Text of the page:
An exquisite stained-glass window at the Met. Photo: Brenda Daniels

An exquisite stained-glass window at the Met. Photo: Brenda Daniels

We made it across the Met’s threshold at

A view of Central Park from the Met. Photo: Brenda Daniels

A view of Central Park from the Met. Photo: Brenda Daniels

10.30am, just in time to join the free ‘Highlights Tour’. Entry fee to the museum is actually discretionary, a ‘suggested’ amount of $25 per adult (quite expensive when you consider the number of huge, free museums there are in other major cities). The one-hour tour was delightful. It was a journey through different eras, continents and styles. I particularly enjoyed the guide’s explanation of a Congolese warrior ‘judge’ sculpture. She spoke of this ugly, aggressive-looking god statue with respect, explaining how effective it was as part of that ancient culture’s legal system. Her deferential tone was in contrast to the angry political ‘Trump’ rhetoric so evident in the newspapers and TV news broadcasts I had read and watched in our hotel room that morning.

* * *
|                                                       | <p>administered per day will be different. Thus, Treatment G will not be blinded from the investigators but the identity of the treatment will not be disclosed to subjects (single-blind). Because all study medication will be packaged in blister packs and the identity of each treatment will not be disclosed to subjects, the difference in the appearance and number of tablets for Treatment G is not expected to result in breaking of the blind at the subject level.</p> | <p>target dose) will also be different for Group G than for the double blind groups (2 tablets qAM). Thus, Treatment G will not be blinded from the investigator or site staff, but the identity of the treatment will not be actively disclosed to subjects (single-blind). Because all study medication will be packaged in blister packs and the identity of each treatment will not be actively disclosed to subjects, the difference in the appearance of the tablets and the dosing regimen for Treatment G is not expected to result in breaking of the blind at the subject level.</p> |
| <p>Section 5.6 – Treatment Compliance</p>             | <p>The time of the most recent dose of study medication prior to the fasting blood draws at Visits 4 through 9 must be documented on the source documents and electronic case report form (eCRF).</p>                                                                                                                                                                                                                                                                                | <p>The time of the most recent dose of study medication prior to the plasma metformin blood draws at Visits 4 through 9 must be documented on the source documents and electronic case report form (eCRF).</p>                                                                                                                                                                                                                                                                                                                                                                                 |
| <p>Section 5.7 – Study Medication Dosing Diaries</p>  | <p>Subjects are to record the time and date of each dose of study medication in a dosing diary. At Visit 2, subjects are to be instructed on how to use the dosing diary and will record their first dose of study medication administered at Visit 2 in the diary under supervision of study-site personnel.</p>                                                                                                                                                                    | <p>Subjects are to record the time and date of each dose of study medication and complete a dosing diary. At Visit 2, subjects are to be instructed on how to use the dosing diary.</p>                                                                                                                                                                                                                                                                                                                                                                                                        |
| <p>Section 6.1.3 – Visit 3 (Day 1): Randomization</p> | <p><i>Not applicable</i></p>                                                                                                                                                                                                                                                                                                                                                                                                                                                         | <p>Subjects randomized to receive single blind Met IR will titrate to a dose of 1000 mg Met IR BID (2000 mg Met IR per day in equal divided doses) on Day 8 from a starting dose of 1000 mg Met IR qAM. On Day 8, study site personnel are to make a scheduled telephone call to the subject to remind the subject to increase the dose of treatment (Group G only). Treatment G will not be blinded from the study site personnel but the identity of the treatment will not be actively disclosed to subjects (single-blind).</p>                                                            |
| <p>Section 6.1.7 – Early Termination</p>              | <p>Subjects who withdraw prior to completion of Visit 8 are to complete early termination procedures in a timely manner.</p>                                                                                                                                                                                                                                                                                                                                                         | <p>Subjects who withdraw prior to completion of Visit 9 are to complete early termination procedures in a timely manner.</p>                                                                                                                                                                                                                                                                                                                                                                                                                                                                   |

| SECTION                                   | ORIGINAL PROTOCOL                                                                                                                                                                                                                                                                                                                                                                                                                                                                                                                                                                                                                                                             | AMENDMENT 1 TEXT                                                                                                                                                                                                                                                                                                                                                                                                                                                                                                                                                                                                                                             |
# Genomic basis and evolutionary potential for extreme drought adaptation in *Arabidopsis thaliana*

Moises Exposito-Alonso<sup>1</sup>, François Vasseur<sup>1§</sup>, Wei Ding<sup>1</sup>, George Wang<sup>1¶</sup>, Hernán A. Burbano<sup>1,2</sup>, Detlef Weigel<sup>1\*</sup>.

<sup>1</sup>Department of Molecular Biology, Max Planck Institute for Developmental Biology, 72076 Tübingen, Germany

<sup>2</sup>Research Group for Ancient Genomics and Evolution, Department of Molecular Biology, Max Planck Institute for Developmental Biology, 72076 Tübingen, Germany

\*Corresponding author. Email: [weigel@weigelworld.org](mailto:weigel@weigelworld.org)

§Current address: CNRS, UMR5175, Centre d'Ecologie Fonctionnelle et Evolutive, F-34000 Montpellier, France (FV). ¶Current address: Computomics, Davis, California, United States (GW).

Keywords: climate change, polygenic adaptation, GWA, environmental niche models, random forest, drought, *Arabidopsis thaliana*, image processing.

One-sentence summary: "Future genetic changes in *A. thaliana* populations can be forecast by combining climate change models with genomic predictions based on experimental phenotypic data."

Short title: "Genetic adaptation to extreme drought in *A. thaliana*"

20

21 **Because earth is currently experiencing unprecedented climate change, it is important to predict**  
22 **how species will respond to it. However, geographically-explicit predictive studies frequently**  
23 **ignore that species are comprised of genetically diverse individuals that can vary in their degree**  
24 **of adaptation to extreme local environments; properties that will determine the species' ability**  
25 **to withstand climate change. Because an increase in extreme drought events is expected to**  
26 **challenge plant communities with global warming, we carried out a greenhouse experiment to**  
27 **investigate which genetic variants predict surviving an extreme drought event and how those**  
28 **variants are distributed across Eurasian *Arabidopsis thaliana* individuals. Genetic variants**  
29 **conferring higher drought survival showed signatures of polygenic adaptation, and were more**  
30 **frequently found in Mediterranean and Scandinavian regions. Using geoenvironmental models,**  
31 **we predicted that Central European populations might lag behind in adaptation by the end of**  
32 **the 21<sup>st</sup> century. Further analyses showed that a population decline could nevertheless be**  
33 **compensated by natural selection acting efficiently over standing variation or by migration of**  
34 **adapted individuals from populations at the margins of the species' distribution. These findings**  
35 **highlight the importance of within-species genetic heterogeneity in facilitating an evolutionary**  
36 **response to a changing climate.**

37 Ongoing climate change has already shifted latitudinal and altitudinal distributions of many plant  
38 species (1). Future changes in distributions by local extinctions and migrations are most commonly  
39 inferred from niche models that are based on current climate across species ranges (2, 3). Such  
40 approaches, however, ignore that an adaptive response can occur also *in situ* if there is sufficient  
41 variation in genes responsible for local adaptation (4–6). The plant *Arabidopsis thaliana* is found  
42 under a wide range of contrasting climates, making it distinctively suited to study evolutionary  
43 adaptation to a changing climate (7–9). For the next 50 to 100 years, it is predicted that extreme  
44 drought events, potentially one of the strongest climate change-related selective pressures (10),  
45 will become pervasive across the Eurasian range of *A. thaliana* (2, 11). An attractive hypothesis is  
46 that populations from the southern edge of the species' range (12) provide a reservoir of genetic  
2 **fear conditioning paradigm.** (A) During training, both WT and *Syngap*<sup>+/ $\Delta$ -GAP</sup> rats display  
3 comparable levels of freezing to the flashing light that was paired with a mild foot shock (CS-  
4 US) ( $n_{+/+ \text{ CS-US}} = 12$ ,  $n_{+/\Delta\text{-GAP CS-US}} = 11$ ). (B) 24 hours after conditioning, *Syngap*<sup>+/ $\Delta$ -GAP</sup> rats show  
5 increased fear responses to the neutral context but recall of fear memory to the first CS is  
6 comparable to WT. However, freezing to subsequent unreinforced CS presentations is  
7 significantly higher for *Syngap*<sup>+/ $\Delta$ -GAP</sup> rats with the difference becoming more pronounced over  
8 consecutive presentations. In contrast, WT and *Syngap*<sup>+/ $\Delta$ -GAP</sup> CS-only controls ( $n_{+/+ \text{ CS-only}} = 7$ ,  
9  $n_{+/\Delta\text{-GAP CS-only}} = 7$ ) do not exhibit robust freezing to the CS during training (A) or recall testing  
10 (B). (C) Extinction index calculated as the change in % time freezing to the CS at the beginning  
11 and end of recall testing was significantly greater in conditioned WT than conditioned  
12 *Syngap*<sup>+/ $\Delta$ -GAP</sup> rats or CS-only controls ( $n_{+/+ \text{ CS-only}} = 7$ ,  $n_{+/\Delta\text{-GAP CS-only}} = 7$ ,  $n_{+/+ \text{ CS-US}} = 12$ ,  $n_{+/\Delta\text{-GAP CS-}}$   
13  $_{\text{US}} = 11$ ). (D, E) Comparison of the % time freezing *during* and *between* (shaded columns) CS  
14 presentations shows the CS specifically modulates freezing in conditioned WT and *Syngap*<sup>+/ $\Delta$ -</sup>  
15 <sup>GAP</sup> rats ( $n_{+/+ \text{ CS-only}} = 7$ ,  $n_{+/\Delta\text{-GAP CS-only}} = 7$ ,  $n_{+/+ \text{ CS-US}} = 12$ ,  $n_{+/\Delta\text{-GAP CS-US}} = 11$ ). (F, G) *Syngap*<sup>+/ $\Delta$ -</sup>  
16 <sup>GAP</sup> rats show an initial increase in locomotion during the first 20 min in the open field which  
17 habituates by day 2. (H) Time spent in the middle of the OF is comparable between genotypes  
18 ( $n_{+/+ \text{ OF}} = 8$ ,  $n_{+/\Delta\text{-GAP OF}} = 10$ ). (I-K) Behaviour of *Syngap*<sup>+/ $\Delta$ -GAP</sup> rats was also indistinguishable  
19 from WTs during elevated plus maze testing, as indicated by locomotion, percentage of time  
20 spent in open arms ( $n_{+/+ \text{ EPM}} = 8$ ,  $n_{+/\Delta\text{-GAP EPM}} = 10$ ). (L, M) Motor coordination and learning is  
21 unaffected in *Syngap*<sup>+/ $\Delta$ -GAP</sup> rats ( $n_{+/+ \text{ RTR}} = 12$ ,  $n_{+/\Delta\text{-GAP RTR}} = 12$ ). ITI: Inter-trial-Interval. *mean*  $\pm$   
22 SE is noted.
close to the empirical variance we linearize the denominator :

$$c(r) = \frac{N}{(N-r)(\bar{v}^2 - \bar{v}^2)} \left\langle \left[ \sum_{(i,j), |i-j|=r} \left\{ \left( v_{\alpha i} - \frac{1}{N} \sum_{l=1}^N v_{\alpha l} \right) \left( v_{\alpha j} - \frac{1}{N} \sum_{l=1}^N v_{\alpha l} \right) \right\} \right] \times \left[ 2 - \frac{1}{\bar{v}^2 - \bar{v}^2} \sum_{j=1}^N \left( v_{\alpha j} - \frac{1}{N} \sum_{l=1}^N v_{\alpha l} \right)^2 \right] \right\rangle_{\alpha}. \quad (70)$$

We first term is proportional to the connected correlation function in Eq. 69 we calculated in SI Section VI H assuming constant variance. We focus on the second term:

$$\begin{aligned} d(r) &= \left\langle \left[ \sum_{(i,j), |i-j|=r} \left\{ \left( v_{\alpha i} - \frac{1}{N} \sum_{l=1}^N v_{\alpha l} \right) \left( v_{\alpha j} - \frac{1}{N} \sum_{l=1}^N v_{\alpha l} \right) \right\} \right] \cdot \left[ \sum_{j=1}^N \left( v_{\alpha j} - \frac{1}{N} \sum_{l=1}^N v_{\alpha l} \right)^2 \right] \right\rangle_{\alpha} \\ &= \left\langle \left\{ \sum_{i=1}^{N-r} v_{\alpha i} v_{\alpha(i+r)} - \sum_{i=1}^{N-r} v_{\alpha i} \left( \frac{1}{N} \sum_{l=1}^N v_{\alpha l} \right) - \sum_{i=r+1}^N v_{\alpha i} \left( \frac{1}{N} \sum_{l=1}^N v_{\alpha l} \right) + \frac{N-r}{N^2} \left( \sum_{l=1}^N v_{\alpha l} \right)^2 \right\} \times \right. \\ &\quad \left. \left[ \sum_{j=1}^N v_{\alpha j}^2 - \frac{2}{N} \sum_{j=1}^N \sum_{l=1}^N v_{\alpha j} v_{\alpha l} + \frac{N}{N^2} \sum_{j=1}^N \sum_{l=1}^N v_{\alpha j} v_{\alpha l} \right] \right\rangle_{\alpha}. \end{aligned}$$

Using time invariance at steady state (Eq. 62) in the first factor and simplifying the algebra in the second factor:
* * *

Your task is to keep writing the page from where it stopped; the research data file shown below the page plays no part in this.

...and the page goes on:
Luckily for me there were no urgently flashing traffic signs in Central Park. And, so, after our museum visit, we slowed our customary gallop to a canter through the park, enjoying the squirrels, and the clumps of dogs herded by dog-walkers. We emerged further down 5th Avenue where we sped up again, hastening past Trump Towers with its barriers, policemen and photographers in attendance.

An art work on the Highline walkway in New York. The map of USA looks like a shark. Photo: Brenda Daniels

An art work on the Highline walkway in New York. The map of USA looks like a shark. Photo: Brenda Daniels